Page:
The Walden Effect: Farming, simple living, permaculture, and invention.

Foundationless Frame Results

Foundationless frame.I'm starting to get a handle on foundationless bee frames.  I've tried three methods, a good one, a mediocre one, and a bad one.

The mediocre one was the one I started with, which you can see to the right.  I cut each sheet of foundation into five pieces, sandwiched one foundation piece between the wooden strip and the rest of the frame, and nailed the wooden strip into place with vertical nails.  The bees built down from the foundation piece just fine, but the foundation tended to slip loose before they started building on it.  I had to reattach about a third of the foundation pieces in the first week, after which all was well.

Foundationless frame with burr comb.The good method is the same as the mediocre one, with a slight adjustment.  Rather than nailing the wooden strip back in place with vertical nails, I turned it 90 degrees and nailed it in with horizontal nails.  This gave the foundation piece more structural integrity, and since the nails went through the foundation it also tended to hold the pieces in place.  I haven't had to replace any of those foundation pieces.

The bad method consisted of reattaching the wooden strip vertically to the frame with no foundation material.  This was a big loser.  The wooden strip was too wide to give the bees a firm guideline on where to build, so they built their comb crooked.  Good thing they'd only been at it three days before I checked on them and replaced the frames with the good method.

Read other posts about foundationless frames and varroa mites:

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About us: Anna Hess and Mark Hamilton spent over a decade living self-sufficiently in the mountains of Virginia before moving north to start over from scratch in the foothills of Ohio. They've experimented with permaculture, no-till gardening, trailersteading, home-based microbusinesses and much more, writing about their adventures in both blogs and books.

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I noticed that you have had trouble with turning the wedge 90 degrees and nailing it to the top bar of the langstroth frame with no starter wax. That is all I have ever done with langstroth hives and so far have not even had any cross-comb or other problems. I do level my hives with a level. I once took one of my brood frames to an entomologist at UNL for a diagnosis of sacbrood and he did not even notice that it was a foundationless frame until I told him. Even he was amazed. I suppose that some colonies are better at building straight comb than others. I also have three horizontal top bar hives in use and build my topbars on a table saw in one solid piece with a triangle design for a comb guide. I have never used any wax starter or anything like it as of yet and have had no problems with comb attatchment. All that I give the bees is bare wood. I mostly do this because I am too lazy or busy to do it. I am new to beekeeping and have never put foundation in any of my hives and I hope that I never have to. It costs too much and I would like to spend that money on more hives and more bees. Do I sound cheap or what?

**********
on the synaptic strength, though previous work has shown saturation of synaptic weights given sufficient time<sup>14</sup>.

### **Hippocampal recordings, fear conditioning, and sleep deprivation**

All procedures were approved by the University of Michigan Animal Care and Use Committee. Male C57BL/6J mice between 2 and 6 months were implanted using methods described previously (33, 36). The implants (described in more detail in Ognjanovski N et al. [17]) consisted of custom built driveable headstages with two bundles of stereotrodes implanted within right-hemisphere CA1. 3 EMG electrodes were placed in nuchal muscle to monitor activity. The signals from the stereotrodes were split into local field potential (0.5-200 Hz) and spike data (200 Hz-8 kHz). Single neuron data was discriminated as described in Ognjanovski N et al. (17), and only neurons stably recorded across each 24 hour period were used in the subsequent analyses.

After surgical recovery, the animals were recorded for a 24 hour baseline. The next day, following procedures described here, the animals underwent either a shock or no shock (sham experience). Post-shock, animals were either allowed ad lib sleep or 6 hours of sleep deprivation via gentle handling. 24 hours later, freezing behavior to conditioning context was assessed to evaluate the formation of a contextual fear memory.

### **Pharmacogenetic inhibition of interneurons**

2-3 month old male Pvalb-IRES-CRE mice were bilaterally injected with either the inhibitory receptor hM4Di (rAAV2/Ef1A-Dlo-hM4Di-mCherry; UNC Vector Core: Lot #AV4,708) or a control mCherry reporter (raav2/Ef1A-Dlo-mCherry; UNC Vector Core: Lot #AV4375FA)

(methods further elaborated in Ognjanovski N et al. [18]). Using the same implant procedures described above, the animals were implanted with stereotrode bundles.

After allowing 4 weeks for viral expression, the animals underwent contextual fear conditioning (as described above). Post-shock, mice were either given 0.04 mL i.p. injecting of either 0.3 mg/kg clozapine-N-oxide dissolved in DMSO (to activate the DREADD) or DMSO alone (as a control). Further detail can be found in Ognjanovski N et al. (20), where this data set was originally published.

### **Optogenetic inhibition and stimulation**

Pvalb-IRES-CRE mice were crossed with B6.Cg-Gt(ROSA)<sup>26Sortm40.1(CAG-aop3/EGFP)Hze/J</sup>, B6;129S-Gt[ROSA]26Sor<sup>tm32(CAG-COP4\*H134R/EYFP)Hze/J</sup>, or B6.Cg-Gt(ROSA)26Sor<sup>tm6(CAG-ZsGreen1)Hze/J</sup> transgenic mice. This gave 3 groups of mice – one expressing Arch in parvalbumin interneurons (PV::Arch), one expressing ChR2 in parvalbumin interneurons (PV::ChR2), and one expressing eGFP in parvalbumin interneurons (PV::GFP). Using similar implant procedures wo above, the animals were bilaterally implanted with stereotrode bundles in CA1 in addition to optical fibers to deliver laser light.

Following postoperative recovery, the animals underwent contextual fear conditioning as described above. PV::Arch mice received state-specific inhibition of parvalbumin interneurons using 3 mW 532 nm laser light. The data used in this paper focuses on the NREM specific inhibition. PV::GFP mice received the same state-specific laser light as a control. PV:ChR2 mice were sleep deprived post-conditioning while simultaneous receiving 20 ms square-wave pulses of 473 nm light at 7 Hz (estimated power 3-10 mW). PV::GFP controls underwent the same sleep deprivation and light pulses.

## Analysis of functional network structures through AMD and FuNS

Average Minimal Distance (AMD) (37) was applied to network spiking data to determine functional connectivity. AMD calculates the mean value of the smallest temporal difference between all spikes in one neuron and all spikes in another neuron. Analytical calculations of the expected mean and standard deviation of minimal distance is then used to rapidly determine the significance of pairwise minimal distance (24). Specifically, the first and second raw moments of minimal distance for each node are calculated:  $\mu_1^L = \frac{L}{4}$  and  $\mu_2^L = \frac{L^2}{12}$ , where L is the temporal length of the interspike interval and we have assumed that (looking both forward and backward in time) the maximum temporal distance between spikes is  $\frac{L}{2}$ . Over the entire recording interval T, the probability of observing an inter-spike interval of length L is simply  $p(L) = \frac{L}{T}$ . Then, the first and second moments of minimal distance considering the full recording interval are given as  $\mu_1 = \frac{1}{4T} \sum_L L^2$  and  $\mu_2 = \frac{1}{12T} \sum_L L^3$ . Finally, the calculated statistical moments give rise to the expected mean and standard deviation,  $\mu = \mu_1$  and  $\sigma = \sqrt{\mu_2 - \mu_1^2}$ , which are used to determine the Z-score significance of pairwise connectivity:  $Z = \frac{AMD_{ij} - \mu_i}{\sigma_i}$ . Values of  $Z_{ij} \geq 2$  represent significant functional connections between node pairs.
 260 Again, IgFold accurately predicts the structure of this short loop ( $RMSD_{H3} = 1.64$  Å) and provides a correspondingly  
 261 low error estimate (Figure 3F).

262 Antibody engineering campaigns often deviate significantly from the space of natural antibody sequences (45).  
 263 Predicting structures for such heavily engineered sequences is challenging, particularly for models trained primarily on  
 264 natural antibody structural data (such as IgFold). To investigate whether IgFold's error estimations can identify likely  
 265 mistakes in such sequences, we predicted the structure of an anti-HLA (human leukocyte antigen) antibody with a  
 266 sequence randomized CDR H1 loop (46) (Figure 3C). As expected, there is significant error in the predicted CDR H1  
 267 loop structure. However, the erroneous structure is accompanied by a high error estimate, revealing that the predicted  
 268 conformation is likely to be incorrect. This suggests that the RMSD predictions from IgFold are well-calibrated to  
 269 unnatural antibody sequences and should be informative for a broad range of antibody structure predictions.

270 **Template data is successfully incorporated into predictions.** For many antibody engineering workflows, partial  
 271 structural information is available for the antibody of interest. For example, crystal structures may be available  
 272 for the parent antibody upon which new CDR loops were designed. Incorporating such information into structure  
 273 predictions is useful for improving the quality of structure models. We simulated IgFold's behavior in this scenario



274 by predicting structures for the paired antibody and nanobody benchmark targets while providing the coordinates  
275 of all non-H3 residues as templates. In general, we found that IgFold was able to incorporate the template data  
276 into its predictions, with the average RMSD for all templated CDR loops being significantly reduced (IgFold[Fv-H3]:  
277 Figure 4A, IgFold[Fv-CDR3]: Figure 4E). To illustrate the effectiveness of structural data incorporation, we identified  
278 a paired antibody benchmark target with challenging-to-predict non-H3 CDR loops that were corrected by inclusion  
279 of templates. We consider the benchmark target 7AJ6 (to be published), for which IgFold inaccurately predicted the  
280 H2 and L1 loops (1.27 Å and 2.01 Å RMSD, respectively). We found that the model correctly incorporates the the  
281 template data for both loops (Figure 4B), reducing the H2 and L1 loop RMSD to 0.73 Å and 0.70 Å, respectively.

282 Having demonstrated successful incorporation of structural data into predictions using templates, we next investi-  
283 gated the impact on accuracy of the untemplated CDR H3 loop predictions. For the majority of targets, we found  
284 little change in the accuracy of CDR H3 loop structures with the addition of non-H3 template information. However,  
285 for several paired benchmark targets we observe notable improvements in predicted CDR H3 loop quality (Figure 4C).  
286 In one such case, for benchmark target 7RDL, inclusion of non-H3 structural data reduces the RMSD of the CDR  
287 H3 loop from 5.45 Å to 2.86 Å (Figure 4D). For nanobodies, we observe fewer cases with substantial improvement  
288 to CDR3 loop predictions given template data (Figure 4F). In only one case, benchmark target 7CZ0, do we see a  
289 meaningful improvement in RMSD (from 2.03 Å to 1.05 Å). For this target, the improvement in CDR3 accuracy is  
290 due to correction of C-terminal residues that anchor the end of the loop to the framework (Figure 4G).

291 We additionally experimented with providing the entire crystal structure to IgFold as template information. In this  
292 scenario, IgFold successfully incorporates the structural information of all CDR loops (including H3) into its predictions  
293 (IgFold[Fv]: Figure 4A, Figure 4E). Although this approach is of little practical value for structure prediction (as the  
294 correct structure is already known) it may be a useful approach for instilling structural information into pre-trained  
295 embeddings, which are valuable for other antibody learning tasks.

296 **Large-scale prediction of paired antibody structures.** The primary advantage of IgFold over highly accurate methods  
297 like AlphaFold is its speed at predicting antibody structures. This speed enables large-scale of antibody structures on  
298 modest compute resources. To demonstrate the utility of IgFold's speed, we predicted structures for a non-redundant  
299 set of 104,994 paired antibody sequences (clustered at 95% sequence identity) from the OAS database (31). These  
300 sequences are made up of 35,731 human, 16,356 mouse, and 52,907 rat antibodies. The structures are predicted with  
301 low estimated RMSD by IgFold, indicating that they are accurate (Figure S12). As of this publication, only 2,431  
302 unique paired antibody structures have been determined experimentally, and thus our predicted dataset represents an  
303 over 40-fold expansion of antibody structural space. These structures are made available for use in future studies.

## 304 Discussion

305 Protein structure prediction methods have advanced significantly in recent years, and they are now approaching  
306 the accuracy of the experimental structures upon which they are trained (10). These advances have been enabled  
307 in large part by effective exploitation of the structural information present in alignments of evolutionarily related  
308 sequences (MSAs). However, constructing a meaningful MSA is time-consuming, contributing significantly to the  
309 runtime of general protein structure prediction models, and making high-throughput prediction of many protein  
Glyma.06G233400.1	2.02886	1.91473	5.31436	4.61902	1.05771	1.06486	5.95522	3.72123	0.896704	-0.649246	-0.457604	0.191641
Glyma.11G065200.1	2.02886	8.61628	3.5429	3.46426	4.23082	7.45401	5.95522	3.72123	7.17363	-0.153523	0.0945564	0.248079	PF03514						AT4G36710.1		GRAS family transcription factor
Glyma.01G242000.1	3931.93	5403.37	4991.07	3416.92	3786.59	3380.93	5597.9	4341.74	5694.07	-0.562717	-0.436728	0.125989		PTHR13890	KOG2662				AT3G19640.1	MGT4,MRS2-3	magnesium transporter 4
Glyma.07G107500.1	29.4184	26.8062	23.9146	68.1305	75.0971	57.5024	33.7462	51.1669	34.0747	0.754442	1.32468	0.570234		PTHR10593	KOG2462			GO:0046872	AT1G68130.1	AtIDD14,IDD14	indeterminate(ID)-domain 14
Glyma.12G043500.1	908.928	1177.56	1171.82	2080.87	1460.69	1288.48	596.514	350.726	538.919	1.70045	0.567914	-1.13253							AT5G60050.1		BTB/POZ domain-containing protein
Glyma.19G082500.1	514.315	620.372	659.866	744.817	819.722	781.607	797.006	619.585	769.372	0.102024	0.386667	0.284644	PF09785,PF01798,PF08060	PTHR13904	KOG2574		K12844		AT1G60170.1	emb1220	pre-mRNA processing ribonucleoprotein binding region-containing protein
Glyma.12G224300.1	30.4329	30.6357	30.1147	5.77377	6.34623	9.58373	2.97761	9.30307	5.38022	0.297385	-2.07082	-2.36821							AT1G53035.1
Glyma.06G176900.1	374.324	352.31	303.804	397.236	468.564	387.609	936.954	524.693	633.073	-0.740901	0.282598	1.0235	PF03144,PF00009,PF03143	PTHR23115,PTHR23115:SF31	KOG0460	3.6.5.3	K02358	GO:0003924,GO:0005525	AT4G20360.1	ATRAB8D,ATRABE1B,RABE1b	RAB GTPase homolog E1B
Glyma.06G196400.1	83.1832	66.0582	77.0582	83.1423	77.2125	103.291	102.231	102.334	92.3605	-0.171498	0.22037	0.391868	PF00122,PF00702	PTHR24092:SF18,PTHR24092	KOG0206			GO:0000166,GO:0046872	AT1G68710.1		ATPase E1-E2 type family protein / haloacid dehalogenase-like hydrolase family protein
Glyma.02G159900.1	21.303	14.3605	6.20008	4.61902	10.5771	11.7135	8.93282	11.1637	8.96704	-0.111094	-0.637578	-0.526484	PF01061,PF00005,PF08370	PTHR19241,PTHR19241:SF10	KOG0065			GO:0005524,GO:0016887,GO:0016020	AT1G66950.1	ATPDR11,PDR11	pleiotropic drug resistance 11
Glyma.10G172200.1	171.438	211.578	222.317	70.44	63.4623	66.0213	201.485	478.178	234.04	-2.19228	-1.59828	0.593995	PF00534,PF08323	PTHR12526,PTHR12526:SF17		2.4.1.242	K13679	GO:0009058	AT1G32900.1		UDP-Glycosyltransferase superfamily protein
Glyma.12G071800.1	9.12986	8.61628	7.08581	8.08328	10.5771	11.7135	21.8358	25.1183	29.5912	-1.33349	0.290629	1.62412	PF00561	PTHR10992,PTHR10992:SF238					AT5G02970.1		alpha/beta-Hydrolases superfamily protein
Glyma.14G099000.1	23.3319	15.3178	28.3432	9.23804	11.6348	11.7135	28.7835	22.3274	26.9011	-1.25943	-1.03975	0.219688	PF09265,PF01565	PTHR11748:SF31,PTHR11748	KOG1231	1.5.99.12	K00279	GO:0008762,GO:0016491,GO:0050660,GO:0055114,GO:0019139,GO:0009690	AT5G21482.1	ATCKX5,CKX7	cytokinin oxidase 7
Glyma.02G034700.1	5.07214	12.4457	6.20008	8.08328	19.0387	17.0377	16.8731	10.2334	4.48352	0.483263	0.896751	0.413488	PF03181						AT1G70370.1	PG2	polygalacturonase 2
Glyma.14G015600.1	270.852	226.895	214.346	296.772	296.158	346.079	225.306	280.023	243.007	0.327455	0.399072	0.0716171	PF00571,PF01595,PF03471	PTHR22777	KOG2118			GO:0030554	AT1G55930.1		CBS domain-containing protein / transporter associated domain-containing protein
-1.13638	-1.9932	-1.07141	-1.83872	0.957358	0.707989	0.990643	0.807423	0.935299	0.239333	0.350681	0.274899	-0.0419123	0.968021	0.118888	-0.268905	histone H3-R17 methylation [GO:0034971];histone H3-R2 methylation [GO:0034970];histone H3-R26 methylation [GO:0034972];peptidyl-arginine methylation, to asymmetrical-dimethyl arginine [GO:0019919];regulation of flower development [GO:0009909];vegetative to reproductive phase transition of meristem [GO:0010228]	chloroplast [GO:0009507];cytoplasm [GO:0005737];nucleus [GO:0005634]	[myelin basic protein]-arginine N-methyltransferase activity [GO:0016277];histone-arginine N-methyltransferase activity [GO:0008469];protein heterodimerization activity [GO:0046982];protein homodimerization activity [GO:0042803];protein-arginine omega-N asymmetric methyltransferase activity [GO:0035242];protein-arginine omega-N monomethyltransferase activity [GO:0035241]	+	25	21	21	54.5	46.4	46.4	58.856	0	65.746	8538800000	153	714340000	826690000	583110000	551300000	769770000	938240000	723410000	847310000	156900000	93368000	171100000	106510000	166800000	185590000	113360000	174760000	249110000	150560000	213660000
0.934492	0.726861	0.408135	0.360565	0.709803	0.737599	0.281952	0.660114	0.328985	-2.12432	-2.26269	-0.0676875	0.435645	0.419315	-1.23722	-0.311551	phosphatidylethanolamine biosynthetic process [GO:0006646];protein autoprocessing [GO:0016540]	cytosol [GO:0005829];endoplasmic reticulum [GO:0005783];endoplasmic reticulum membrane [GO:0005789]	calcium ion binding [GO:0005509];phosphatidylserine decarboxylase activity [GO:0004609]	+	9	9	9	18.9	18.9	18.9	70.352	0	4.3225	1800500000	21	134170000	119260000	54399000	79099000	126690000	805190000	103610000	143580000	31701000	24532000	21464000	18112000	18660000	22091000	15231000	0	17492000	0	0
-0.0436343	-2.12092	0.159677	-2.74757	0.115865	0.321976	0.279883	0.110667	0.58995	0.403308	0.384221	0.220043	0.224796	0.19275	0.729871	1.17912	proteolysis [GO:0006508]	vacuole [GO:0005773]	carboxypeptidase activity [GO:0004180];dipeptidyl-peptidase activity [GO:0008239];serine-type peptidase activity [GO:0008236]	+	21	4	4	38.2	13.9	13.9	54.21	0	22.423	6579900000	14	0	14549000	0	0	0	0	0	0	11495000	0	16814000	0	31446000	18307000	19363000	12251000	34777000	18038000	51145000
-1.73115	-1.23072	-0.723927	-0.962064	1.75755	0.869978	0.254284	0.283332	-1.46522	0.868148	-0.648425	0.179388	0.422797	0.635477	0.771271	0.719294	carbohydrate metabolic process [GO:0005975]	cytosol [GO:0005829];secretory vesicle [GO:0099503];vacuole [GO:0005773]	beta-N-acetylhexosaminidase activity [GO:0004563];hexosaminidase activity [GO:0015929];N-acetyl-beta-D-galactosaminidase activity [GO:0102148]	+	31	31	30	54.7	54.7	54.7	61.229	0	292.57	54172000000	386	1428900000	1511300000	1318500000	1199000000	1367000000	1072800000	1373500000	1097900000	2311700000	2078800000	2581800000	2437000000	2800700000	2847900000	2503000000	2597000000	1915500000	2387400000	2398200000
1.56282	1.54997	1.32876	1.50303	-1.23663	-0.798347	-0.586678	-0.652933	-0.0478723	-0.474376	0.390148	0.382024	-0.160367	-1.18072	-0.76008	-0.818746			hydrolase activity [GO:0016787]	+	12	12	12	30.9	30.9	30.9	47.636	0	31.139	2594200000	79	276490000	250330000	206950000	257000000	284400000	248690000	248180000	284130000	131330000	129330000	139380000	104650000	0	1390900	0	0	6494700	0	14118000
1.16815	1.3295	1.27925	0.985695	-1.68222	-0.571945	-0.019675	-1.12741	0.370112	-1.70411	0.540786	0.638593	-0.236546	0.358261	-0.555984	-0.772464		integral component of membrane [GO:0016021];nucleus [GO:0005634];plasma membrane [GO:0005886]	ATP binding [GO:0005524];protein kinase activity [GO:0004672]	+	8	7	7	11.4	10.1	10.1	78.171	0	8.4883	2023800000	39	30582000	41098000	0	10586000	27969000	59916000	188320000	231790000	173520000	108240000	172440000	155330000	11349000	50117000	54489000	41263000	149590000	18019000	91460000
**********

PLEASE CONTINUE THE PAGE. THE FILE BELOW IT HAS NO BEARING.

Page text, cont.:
Comment by Todd Wed Nov 25 23:56:01 2009
Hey, cheap is good! :-) I'm intrigued to hear that you've had no problems --- did you shave down the wedge so that it came to a point? I'm very new to beekeeping, and I think I actually put the supers on too soon. I might have given up on them building on the bare wood prematurely! I'll have to give it another shot next year. Thanks for the feedback!
Comment by anna Thu Nov 26 08:55:23 2009
I did not shave down the wedge, I just turned it 90 degrees and nailed and glued it to the top bar. Most of the beekeepers I know do use a wax starter strip, but so far I am able to get away with not using anything. I recently took someone's advice and now use an air powered stapler instead of nails and a tack hammer to assemble frames. I am now getting things done so much faster! I also made a jig to assemble the hive bodies. I got that idea on Michael Bush's website-he has several pictures of his. I also have a frame assembly jig.
Comment by Todd Sun Nov 29 00:58:54 2009
Thanks for the extra info! I'll definitely give it another try --- that sounds very much like my first shot at it. I probably just didn't give them long enough to build.
Comment by anna Sun Nov 29 20:20:02 2009
Hello there! I really like your web site on Beekepping! I too use the foundationless way of beekeeping. I have a little technique I learned from the Bio Dynamic folks. so, when installing the 1 inch strip I take a frame that usually gets plastic foundation and I use the empty slot to put in the 1 inch starter strip and I "glue it" in with beeswax. This way you lock it into the frame and there is no way of it becoming loose. Then if your hive is set "dead level" your in business. Try it and see how it works for you.
Comment by Neal Thu Apr 1 01:10:10 2010
By gluing it in with beeswax, do you mean you melt some and paint it on like glue? That sounds like a good thing to try!
Comment by anna Thu Apr 1 07:38:05 2010

Please tell me how the bees are doing with your foundationless method, are there no more mite problems then? Or if there is, have you been able to continue using the bee 'smell' strips? I'm trying to spread information that could help save bees so please reply back to me, thanks for your time and concern. Have a wonderful day,


Comment by Ayisha Sun Jun 10 01:38:06 2012
Ayisha --- It definitely seemed to help for a few years --- we made it for three years with moderate varroa mite levels and no chemicals. But then our hives died, possibly of colony collapse disorder. We're still experimenting. You might want to read some of our more recent bee-related posts for more information.
Comment by anna Sun Jun 10 14:32:19 2012

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